Because seated leg press machines are designed for beginners and novices, the starting weight is significantly lower.
Additionally, because the movement is done horizontally, the sled weight is almost zero. Or rather, it feels like zero because gravity is doing a lot of the work for you.
The starting weight is typically represented by the weight of the pulley and the first weight plate on the stack, which can be anywhere from 5-20lbs.
The average starting weight on a seated leg press machine is 5-20lbs, depending on the weight of the first plate on the weight stack.
Vertical Leg Press Sled Weights
Finally, we have the vertical leg press, which is my personal least-favorite form of leg pressing, strictly from a safety standpoint.
That said, there are some (very experienced) lifters who swear by it, so we will include vertical leg press in this little list too. Vertical leg press also gives a more “true” weight when loading the bar compared to angled presses.
There are dedicated vertical leg press machines out there.
The Titan Fitness Vertical Leg Press Machine, for example, has a starting bar weight of 17lbs.
Vertical leg presses can also be done on a Smith Machine, which can have a bar weight anywhere between 6-45lbs.
Smith machines that are counter-balanced have a lighter load, weighing around 6-20lbs. These are the bars that glide easily up and down the carriage.
Vertical leg press machines have a starting weight of anywhere between 6-45lbs depending on the type of machine and bar weight.
Leg Press Sled Weight — FAQs
Why can I leg press more than I can squat?
There are two main reasons you can leg press (sometimes significantly) more than barbell squat.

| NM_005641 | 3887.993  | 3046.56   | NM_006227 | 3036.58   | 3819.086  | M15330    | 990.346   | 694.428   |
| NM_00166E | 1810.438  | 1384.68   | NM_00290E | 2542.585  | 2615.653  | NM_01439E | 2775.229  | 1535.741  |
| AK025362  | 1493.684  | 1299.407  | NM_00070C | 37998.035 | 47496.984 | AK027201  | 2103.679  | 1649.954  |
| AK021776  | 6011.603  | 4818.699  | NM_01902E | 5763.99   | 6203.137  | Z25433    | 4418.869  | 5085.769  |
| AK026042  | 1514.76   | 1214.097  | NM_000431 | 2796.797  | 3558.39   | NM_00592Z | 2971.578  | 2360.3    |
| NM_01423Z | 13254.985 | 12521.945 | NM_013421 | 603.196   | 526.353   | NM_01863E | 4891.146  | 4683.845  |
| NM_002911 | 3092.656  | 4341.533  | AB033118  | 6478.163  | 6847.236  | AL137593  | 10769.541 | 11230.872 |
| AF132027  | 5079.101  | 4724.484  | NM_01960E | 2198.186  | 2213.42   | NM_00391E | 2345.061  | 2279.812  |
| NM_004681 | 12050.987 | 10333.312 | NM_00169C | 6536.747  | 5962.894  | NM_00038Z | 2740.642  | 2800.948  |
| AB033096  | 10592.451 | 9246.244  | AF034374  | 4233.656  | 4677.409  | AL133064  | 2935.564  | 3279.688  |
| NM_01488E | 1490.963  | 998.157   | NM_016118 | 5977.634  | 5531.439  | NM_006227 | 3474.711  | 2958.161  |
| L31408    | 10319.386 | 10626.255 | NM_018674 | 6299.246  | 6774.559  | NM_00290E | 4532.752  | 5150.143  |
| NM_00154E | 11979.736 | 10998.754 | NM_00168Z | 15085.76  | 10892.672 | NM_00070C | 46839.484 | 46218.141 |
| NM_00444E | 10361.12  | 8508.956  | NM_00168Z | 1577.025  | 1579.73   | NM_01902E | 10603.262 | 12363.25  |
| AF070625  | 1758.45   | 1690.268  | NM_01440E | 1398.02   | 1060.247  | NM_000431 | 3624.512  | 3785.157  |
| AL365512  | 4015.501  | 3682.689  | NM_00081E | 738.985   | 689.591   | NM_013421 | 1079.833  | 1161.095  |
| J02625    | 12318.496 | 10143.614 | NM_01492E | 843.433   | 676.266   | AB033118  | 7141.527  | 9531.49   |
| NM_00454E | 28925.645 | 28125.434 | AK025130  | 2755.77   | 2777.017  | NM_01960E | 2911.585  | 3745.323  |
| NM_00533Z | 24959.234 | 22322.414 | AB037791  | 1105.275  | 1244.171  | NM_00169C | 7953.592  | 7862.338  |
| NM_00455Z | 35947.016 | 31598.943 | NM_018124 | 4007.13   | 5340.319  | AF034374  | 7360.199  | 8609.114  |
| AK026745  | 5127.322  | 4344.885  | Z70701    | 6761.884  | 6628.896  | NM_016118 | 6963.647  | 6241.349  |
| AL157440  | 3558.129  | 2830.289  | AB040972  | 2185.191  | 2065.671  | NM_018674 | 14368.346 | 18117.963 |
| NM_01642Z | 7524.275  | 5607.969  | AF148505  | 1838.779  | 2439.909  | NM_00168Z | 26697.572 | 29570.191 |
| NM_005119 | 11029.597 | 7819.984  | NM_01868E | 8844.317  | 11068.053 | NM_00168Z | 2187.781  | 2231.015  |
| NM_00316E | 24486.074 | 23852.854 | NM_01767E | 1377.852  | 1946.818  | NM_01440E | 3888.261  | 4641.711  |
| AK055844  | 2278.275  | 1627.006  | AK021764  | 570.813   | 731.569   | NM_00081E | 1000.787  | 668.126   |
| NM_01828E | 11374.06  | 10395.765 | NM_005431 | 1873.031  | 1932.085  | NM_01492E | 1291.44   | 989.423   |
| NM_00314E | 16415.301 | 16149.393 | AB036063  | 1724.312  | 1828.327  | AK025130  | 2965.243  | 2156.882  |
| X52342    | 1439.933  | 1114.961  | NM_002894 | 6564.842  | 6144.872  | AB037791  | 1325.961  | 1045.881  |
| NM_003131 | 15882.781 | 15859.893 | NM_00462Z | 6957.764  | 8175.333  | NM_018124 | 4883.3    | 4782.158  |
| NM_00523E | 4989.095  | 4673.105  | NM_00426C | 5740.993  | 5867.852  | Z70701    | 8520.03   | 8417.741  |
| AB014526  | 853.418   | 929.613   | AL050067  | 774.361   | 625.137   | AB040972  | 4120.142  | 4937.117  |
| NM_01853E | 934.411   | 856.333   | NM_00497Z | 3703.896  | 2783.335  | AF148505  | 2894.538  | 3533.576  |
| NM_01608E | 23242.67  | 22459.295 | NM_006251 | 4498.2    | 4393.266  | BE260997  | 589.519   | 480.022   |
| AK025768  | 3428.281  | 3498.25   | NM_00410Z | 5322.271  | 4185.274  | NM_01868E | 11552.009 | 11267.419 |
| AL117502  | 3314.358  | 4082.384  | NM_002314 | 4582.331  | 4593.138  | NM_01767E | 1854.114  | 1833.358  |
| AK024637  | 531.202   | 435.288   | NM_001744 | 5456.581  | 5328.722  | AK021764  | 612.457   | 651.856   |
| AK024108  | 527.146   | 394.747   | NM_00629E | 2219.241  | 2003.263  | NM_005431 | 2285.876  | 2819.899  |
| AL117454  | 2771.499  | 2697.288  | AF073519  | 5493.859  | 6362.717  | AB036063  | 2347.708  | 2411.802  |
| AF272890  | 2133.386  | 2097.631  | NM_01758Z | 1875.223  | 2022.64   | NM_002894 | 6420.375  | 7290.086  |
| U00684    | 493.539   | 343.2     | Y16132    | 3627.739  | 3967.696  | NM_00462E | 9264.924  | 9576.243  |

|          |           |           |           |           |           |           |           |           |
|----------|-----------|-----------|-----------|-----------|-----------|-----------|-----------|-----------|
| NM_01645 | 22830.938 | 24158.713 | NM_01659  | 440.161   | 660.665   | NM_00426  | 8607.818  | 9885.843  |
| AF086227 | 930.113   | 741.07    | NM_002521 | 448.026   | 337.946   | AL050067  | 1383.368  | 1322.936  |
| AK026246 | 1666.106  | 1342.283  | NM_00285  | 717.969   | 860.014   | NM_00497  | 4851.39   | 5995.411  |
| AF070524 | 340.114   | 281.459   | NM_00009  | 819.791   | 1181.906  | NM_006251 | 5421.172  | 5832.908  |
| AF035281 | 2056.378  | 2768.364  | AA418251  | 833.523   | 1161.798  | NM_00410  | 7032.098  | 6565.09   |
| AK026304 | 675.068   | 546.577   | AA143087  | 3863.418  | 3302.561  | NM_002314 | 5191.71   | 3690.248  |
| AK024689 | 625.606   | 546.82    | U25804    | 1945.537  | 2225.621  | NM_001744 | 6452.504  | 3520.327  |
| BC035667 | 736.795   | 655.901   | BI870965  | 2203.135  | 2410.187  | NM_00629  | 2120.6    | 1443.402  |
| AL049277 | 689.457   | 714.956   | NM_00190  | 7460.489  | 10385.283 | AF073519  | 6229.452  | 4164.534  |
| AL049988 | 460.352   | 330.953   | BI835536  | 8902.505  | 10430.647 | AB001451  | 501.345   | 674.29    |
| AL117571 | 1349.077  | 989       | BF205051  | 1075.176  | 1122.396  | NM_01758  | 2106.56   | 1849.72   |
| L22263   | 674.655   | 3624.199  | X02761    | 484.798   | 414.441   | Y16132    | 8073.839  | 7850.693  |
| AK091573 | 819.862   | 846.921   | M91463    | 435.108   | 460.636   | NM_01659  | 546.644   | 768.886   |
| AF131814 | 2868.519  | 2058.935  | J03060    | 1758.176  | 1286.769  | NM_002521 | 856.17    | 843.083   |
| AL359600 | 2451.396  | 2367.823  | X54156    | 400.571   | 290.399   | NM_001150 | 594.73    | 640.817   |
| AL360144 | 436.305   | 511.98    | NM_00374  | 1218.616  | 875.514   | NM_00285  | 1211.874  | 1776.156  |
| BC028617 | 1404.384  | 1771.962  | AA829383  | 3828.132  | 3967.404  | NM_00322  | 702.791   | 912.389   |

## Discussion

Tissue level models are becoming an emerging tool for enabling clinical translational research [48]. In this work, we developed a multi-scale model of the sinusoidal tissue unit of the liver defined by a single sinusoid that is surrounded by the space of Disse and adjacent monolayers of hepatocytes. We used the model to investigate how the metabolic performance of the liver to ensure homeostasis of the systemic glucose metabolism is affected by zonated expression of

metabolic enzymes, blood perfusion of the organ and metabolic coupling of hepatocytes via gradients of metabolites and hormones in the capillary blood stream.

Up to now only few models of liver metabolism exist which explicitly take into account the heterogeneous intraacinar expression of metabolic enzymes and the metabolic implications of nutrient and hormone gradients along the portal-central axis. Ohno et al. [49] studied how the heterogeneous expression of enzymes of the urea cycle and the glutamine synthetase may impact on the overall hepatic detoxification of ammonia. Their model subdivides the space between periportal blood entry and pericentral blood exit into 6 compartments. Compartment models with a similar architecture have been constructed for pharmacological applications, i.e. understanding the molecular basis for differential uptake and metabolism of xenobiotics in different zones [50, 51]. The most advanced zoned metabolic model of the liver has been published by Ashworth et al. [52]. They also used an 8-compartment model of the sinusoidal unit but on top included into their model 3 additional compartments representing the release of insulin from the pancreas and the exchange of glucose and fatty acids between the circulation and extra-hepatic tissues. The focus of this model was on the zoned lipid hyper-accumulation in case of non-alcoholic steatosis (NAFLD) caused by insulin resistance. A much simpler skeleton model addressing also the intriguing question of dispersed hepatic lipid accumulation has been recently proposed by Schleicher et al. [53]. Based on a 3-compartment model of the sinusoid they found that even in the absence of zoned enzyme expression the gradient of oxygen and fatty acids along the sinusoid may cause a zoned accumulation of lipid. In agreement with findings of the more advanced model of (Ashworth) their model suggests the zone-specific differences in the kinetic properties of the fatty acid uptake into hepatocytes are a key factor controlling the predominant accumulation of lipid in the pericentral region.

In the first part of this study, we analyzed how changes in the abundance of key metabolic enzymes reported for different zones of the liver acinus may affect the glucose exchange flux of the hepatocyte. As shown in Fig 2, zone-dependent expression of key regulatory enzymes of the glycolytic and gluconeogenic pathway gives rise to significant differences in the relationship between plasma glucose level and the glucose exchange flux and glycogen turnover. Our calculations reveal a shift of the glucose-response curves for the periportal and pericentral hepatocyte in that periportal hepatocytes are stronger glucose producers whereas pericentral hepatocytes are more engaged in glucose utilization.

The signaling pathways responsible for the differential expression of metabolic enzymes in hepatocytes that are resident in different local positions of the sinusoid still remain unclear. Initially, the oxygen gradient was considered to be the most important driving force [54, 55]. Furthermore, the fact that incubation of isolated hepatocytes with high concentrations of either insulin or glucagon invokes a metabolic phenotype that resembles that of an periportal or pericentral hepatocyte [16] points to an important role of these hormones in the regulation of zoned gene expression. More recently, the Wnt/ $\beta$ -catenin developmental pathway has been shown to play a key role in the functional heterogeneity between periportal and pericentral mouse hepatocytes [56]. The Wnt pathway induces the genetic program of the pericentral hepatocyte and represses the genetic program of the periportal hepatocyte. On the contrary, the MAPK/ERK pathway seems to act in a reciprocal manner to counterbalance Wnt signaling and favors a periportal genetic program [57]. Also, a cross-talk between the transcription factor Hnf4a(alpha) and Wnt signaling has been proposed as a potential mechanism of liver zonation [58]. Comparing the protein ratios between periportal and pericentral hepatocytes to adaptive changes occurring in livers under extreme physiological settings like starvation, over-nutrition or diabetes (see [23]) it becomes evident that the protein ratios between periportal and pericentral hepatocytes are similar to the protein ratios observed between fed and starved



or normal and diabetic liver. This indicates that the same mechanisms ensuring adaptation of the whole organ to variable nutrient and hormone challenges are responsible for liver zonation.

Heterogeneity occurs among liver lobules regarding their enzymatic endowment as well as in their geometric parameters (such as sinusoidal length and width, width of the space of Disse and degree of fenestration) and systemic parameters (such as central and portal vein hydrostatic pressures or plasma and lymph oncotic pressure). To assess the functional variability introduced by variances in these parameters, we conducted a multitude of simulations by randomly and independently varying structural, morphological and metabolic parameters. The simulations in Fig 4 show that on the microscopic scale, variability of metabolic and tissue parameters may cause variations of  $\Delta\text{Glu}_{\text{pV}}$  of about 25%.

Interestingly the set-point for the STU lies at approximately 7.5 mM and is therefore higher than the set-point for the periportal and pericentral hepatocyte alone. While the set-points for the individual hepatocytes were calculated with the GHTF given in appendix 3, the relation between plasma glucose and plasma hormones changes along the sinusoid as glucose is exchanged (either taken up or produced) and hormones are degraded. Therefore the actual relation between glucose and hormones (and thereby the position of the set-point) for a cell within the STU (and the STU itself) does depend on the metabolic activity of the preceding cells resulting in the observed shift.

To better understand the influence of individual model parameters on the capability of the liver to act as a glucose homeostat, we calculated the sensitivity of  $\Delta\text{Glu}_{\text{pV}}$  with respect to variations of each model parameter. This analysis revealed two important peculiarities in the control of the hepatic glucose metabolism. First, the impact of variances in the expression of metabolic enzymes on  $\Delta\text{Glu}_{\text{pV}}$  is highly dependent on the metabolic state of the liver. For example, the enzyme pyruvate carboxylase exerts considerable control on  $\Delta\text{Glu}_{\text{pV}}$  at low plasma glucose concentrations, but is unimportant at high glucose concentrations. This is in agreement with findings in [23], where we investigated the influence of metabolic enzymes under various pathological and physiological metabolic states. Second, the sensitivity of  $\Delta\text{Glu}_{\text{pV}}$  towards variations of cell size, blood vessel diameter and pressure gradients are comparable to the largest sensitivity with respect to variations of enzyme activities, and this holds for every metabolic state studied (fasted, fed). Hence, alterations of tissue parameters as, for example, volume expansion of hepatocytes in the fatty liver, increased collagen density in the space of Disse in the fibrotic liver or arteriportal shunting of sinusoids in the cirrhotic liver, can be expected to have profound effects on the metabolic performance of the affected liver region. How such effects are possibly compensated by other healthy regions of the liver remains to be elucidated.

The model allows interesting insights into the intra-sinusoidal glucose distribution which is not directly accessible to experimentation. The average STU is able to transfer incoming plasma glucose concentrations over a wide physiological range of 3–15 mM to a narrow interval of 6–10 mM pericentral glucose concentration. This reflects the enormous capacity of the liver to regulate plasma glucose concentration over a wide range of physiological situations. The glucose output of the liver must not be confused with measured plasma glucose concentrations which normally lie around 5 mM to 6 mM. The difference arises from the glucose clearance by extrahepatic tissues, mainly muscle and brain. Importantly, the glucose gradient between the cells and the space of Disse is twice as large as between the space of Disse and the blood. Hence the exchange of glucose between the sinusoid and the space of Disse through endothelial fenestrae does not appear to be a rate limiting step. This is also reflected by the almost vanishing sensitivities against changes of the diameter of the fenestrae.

For starters, with leg presses you have the benefit of angled resistance.
Because you are pushing the weight on an angle (or horizontally in the case of seated leg press machines), you are getting an assist from gravity. A significant amount of the load is being directed downwards, and not squarely on you.
Actual load varies from 60-70% on angled leg press machines. (Vertical leg press machines are closer to 1:1).
There are a few things that come into play, including the angle of the machine (higher angle represents more “true” weight) and even the friction on the sled.
Additionally, you can leg press more than you can squat because you are using fewer muscles.
Balancing a loaded barbell on your back is extremely energy intensive and places a heavier demand on the nervous system.
While the leg press still works a lot of muscles, including your quads, hamstrings and calves, because you are seated, the core and back, and all of those stabilizer muscles in your legs, are all taken out of the equation when doing leg press.
For a more detailed comparison, read this article on leg press vs. squats.
Should I count the weight on the sled when doing leg press?
I wouldn’t recommend doing so.
Instead, focus on the number of plates being stacked on the machine for tracking purposes and your RPE (rate of perceived exertion).
At the end of the day, as long as you are training with progressive overload in mind, and adding plates to the machine over time, you will see gains in muscle strength and mass.
Getting lost in the weeds trying to figure out the exact angle of the sled and the amount of friction on the carriage to figure out exactly how much weight you are pushing is secondary to moving closer to your training goals, whether that be weight loss, muscle gain, or getting stronger.
The Bottom Line
There are a lot of benefits to leg presses and hitting the leg press machine on leg day.
Ultimately, the weight of the sled on the machine is a small but fun thing to know so that you can get a better sense of how much weight you are moving.
But as long as you continue showing up, adding progressively more weight to the machine, and working to failure, you will see the gains and improvement you are looking for.
More Leg Press Guides and Articles
Leg Press Foot Placement: 6 Foot Positions and the Benefits of Each. Looking to mix up your leg press? Here are some different leg press foot placements to laser-target different muscles in your legs.
6 Best Leg Press Alternatives for Monster Leg Muscles. Looking to mix up your leg training? Here are the six best leg press alternatives for conquering leg day.